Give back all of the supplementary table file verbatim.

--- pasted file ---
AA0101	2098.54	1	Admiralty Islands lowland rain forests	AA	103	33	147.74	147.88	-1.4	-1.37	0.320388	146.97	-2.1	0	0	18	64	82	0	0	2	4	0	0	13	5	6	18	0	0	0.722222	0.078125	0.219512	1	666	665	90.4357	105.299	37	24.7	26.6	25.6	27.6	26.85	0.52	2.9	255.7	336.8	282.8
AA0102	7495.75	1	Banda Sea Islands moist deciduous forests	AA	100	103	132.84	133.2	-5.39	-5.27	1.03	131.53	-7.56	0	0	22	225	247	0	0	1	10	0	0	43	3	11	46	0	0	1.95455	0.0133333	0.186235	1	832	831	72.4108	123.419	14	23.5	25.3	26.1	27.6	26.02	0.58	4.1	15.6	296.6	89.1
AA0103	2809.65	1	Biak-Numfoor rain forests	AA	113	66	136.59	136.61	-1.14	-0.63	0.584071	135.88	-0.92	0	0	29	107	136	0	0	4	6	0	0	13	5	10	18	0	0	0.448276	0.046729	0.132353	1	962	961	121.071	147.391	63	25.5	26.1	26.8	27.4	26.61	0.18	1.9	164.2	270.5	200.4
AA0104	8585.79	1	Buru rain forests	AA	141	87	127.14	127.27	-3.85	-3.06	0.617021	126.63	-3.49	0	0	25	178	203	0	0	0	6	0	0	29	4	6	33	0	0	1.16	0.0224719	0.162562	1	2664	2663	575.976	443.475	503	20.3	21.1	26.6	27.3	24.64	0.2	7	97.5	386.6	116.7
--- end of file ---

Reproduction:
AA0101	2098.54	1	Admiralty Islands lowland rain forests	AA	103	33	147.74	147.88	-1.4	-1.37	0.320388	146.97	-2.1	0	0	18	64	82	0	0	2	4	0	0	13	5	6	18	0	0	0.722222	0.078125	0.219512	1	666	665	90.4357	105.299	37	24.7	26.6	25.6	27.6	26.85	0.52	2.9	255.7	336.8	282.8
AA0102	7495.75	1	Banda Sea Islands moist deciduous forests	AA	100	103	132.84	133.2	-5.39	-5.27	1.03	131.53	-7.56	0	0	22	225	247	0	0	1	10	0	0	43	3	11	46	0	0	1.95455	0.0133333	0.186235	1	832	831	72.4108	123.419	14	23.5	25.3	26.1	27.6	26.02	0.58	4.1	15.6	296.6	89.1
AA0103	2809.65	1	Biak-Numfoor rain forests	AA	113	66	136.59	136.61	-1.14	-0.63	0.584071	135.88	-0.92	0	0	29	107	136	0	0	4	6	0	0	13	5	10	18	0	0	0.448276	0.046729	0.132353	1	962	961	121.071	147.391	63	25.5	26.1	26.8	27.4	26.61	0.18	1.9	164.2	270.5	200.4
AA0104	8585.79	1	Buru rain forests	AA	141	87	127.14	127.27	-3.85	-3.06	0.617021	126.63	-3.49	0	0	25	178	203	0	0	0	6	0	0	29	4	6	33	0	0	1.16	0.0224719	0.162562	1	2664	2663	575.976	443.475	503	20.3	21.1	26.6	27.3	24.64	0.2	7	97.5	386.6	116.7